Entries in Peter Svidler (12)
In case Dortmund and the ACP Golden Classic aren't enough to keep your interest, two more major events are coming your way. Biel starts Monday - today for some of you, tomorrow for others - and looks quite attractive. The main event is a six-player double round-robin, starring Maxime Vachier-Lagrave, Anish Giri, Radoslaw Wojtaszek, Pentala Harikrishna, Alexander Motylev (the graybeard of the event, the 35-year-old Russian is the only player in the event not in his 20s), and women's world champion Hou Yifan.
The second event is an eight-game rapid match between Boris Gelfand and Peter Svidler, taking place in Jerusalem from July 20-24 (HT: Chess Today). The games will be followed by live video interviews, which is especially welcome with post-mortem world champion Svidler at the helm.
With the Olympiad starting August 1, this is a great stretch for those who not only like to play but enjoy watching the game as well.
Some pleasant recent offerings on Chess24:
Two pieces on the 12th World Chess Champion, Anatoly Karpov. The most recent one has Karpov look back at his unplayed match with Bobby Fischer, offer a short comment about the Magnus Carlsen-Viswanathan Anand match(es) and a recollection of meeting Salvador Dali. The older one offers a transcript of a Russian film that had already been available on YouTube for some time, but now English readers unfamiliar with Russian can enjoy it. It is a documentary of Karpov's training camp before the aforementioned (non-) match with Fischer. Fans of Tigran Petrosian will also want to check this out, to see him play a little blitz and hear his voice (as he's engaged in some mild trash talk with Rafael Vaganian).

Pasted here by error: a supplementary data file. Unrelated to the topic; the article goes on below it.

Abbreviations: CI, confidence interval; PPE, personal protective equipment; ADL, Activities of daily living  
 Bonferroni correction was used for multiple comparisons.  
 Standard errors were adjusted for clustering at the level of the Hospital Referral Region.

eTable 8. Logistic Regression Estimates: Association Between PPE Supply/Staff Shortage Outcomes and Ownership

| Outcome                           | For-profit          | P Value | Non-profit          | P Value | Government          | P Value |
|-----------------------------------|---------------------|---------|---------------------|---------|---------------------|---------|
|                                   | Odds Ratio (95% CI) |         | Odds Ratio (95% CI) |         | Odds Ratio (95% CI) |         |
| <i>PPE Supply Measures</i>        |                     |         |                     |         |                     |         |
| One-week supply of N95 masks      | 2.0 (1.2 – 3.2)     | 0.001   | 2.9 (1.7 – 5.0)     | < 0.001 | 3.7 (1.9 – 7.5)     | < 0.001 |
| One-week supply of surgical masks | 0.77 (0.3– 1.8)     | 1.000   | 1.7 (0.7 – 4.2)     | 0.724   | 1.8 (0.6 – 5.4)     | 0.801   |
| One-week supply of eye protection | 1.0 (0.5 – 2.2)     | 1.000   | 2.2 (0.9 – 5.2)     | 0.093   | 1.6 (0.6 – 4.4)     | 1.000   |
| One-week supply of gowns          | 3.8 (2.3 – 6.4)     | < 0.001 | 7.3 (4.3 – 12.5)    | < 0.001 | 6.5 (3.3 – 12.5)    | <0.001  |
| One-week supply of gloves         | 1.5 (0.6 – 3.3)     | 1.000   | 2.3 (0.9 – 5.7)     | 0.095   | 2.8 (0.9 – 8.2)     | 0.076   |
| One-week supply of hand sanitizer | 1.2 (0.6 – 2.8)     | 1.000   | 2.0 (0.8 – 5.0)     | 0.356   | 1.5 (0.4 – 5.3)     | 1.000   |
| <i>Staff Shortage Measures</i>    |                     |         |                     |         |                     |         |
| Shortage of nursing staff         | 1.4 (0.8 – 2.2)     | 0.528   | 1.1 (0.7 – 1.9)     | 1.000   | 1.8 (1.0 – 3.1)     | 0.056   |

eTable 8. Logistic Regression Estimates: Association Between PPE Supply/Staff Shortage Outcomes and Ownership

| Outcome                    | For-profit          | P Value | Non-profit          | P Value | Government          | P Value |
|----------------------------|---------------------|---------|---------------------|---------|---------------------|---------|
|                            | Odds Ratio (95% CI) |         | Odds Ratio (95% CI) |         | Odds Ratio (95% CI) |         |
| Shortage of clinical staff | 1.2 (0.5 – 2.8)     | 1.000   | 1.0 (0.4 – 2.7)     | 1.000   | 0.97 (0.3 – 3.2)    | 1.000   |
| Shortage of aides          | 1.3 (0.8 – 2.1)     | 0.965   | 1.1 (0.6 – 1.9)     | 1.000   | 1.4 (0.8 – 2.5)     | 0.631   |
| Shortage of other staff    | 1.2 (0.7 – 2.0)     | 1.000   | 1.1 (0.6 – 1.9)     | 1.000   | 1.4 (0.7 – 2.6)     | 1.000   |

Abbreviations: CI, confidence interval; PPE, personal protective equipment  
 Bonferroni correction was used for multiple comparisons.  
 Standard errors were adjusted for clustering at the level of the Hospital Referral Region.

Then it's time for Mikhail Tal, courtesy of Peter Svidler. There's a short interview with Svidler in which he discusses (among other things) his new video series on Tal, which is, I suspect, probably available only to members of the site. If you're a member I think you'll enjoy it, but I wouldn't really recommend signing up if this is your only reason for doing so. (Unless money is no object to you, in which case there are certain bloggers who would appreciate your support.)
At least two things struck me about the series, which I have watched in its entirety. The first is the strong emotional bond Svidler shows towards Tal, one of deep respect and feeling. The second, somewhat ironically, is a sense in many of the games that his opponents played extraordinarily poorly (at least/certainly by Svidler's standards), to a degree that one almost wonders if there has been rating deflation over the past few decades, at least if ratings are taken to represent objective strength.
A more modest claim is that they played very poorly (compared with their peers today) in the kinds of complicated positions that Tal created, which may very well be the case. Additionally, our improved skill in such positions today is explained in part by the fact that Tal arrived and forced the world to adapt, and even more by the presence of computers, which have done much to improve players' awareness of tactical resources. Whatever the story, the videos are enjoyable, so watch them if you can.